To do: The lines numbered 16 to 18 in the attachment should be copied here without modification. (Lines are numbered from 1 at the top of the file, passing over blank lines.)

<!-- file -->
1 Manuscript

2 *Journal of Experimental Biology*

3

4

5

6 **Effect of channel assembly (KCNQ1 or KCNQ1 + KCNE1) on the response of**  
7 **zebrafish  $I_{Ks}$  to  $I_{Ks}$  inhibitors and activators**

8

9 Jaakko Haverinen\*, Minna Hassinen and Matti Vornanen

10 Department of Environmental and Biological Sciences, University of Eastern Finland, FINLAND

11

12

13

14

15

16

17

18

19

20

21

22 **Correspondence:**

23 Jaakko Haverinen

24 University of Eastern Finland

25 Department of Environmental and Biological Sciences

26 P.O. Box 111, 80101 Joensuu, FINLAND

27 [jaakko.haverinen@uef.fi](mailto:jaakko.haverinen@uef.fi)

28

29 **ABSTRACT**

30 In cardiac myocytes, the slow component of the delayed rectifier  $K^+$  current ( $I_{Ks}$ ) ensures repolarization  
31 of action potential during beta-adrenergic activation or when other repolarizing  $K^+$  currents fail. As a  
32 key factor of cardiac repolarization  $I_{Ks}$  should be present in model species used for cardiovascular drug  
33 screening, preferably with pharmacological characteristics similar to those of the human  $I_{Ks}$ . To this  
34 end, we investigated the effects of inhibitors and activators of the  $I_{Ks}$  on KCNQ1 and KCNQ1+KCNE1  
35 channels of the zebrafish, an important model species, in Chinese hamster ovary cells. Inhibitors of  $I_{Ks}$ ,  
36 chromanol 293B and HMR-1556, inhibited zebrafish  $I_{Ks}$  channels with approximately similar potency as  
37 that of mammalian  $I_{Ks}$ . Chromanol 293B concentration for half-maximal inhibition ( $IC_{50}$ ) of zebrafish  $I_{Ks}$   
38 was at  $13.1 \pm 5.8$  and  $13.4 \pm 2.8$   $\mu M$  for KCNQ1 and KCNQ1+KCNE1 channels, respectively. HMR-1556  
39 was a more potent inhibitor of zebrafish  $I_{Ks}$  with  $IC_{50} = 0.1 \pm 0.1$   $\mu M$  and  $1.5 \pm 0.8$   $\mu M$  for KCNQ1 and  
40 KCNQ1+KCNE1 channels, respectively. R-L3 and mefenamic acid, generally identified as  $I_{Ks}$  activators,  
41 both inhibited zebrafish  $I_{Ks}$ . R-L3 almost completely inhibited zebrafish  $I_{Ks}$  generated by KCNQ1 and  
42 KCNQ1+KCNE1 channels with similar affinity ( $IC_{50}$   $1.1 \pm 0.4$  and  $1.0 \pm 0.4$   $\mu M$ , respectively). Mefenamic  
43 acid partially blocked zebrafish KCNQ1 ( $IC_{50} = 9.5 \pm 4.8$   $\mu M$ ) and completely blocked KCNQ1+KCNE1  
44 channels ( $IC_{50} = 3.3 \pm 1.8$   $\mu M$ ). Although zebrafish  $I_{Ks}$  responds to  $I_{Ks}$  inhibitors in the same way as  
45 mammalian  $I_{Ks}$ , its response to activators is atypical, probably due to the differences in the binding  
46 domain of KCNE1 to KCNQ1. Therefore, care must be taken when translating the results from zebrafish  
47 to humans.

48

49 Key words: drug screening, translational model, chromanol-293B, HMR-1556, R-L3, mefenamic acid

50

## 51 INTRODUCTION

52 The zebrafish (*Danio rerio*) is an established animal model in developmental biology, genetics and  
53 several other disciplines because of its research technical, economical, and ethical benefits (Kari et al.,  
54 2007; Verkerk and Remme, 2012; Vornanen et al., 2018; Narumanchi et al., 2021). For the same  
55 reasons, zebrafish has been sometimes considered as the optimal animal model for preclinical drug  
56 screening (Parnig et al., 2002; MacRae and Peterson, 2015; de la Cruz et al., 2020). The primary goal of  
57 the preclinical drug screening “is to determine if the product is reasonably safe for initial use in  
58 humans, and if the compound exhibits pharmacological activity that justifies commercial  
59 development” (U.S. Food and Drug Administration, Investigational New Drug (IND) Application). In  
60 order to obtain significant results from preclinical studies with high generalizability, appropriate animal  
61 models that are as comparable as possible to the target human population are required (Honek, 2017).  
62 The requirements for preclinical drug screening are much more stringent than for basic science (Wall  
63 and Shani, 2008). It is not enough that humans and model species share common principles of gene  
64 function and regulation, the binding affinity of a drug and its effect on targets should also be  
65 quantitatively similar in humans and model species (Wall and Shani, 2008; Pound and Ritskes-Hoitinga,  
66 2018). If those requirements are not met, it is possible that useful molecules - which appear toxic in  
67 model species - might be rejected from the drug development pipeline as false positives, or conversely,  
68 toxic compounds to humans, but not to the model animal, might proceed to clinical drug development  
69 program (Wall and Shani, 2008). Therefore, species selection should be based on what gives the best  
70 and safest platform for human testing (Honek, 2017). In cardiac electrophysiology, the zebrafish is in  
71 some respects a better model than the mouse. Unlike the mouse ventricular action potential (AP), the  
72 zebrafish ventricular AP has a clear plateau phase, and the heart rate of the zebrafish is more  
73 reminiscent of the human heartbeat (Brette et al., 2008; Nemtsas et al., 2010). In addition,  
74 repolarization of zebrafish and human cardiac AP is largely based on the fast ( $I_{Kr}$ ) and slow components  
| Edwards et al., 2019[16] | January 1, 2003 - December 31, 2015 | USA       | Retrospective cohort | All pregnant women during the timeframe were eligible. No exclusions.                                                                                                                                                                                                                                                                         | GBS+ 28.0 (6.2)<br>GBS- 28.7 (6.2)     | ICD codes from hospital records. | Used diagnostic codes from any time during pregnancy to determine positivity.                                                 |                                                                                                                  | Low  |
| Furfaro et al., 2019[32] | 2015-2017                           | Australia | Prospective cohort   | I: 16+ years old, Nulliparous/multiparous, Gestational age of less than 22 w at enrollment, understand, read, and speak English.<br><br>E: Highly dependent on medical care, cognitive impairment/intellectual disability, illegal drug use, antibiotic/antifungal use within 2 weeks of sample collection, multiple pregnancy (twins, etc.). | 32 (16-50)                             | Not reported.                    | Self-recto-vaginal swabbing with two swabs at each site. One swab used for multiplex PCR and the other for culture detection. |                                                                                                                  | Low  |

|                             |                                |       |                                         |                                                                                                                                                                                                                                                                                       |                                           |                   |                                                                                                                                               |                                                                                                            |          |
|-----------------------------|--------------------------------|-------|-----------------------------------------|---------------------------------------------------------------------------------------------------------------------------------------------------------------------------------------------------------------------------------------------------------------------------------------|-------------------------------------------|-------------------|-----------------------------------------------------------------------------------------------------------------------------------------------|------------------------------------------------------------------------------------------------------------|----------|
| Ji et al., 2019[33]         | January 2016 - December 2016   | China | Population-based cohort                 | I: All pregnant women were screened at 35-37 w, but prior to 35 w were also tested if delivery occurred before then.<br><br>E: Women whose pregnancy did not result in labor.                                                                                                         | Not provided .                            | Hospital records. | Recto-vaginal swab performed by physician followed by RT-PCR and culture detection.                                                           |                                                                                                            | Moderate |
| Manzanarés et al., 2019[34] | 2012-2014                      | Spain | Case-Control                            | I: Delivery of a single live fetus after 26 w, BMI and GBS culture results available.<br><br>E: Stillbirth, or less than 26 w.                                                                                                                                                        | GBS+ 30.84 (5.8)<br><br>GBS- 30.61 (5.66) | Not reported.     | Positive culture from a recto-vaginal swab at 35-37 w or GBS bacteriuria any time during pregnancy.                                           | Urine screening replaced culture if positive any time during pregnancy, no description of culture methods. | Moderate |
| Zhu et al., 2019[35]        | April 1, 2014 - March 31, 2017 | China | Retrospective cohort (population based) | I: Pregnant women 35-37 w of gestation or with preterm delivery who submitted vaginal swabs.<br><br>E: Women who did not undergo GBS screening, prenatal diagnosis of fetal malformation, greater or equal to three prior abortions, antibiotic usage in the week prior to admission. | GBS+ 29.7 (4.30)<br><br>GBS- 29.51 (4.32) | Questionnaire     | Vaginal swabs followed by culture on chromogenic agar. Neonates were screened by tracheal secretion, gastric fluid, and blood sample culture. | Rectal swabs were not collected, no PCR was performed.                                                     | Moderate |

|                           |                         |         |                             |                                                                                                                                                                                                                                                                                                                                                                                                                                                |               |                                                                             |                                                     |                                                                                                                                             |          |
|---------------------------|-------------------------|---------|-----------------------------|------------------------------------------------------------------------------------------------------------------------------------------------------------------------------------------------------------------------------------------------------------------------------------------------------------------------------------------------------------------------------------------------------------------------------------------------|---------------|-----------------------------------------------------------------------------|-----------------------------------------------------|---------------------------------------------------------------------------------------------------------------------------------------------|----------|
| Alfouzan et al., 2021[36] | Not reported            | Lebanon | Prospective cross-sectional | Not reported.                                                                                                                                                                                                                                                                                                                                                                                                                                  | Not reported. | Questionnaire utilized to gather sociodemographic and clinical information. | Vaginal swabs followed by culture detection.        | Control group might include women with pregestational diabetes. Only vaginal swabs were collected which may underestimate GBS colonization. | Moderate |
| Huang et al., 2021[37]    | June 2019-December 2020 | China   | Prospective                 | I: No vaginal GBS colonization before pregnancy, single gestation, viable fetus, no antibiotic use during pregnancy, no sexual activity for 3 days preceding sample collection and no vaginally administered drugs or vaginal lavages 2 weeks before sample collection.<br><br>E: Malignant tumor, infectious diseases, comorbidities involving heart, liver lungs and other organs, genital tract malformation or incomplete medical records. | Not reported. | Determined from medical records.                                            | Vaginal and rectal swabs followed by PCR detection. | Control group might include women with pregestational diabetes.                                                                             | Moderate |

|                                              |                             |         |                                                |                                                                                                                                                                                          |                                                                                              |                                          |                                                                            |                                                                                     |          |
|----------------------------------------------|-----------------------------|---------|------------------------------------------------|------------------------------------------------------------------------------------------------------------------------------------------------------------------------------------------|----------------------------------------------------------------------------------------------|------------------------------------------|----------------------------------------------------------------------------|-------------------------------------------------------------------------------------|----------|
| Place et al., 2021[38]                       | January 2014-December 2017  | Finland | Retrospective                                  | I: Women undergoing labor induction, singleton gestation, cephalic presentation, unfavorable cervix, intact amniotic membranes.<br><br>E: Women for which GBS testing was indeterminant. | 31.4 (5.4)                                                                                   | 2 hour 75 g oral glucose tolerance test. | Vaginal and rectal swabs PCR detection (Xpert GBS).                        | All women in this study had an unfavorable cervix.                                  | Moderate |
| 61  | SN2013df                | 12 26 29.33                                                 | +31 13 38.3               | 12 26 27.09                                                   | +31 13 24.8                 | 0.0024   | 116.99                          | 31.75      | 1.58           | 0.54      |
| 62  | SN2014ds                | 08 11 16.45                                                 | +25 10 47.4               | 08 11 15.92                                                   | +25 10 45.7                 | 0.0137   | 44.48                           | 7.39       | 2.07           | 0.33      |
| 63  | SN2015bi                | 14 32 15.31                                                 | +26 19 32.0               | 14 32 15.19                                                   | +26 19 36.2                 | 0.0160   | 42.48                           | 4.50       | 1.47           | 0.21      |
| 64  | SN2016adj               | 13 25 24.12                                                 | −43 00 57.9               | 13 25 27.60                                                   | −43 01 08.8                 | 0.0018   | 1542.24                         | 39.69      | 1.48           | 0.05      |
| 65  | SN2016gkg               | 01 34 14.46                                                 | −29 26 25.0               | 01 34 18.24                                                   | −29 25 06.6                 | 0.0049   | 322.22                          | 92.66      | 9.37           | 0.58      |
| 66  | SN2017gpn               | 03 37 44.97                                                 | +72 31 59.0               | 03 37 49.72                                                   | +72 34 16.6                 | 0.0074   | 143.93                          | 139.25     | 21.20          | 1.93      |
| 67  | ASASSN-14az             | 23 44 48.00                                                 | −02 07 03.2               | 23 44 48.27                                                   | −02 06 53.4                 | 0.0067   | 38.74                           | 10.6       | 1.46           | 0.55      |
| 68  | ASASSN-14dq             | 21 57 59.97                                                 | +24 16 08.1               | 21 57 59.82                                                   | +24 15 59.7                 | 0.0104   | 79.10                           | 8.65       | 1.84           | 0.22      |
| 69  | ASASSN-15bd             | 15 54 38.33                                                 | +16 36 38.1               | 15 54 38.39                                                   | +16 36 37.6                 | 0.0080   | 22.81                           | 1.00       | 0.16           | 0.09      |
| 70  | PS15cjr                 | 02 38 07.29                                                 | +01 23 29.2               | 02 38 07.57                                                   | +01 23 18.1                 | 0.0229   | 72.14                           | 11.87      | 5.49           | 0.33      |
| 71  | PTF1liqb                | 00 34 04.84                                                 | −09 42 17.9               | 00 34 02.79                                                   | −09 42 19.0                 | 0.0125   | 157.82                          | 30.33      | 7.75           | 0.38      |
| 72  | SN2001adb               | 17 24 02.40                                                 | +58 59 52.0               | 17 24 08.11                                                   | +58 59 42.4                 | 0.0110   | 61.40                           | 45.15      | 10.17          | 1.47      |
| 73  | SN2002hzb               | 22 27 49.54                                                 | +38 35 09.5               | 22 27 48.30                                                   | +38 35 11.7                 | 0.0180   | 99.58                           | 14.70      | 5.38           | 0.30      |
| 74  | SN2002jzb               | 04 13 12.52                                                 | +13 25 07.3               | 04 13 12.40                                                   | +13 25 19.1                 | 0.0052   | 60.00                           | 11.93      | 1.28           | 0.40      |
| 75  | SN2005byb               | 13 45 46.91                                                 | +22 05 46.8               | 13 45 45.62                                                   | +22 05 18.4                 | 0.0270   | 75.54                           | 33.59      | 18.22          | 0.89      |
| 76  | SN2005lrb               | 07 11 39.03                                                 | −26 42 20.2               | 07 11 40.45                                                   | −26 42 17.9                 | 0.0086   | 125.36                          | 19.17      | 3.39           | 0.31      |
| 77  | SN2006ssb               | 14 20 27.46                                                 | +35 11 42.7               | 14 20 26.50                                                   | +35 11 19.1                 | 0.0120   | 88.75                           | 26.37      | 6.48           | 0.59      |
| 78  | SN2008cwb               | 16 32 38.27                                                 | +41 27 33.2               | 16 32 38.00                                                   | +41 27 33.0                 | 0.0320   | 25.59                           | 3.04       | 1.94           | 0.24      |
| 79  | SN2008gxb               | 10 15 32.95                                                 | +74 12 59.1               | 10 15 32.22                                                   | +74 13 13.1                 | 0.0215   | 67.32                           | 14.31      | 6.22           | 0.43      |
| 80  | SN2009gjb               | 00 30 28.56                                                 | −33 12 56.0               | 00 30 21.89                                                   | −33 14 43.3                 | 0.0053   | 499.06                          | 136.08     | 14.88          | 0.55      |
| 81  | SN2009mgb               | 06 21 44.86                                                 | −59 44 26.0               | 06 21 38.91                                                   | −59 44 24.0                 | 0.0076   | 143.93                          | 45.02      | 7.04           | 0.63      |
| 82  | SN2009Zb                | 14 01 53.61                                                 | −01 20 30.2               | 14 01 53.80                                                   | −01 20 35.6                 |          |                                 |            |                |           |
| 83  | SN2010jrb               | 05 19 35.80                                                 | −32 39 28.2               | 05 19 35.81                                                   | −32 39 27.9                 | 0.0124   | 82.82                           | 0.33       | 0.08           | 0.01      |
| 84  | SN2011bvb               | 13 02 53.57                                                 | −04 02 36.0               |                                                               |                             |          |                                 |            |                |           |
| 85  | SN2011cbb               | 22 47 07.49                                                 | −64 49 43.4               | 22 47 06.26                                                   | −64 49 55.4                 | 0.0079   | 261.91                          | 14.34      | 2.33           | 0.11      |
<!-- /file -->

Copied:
16

17

18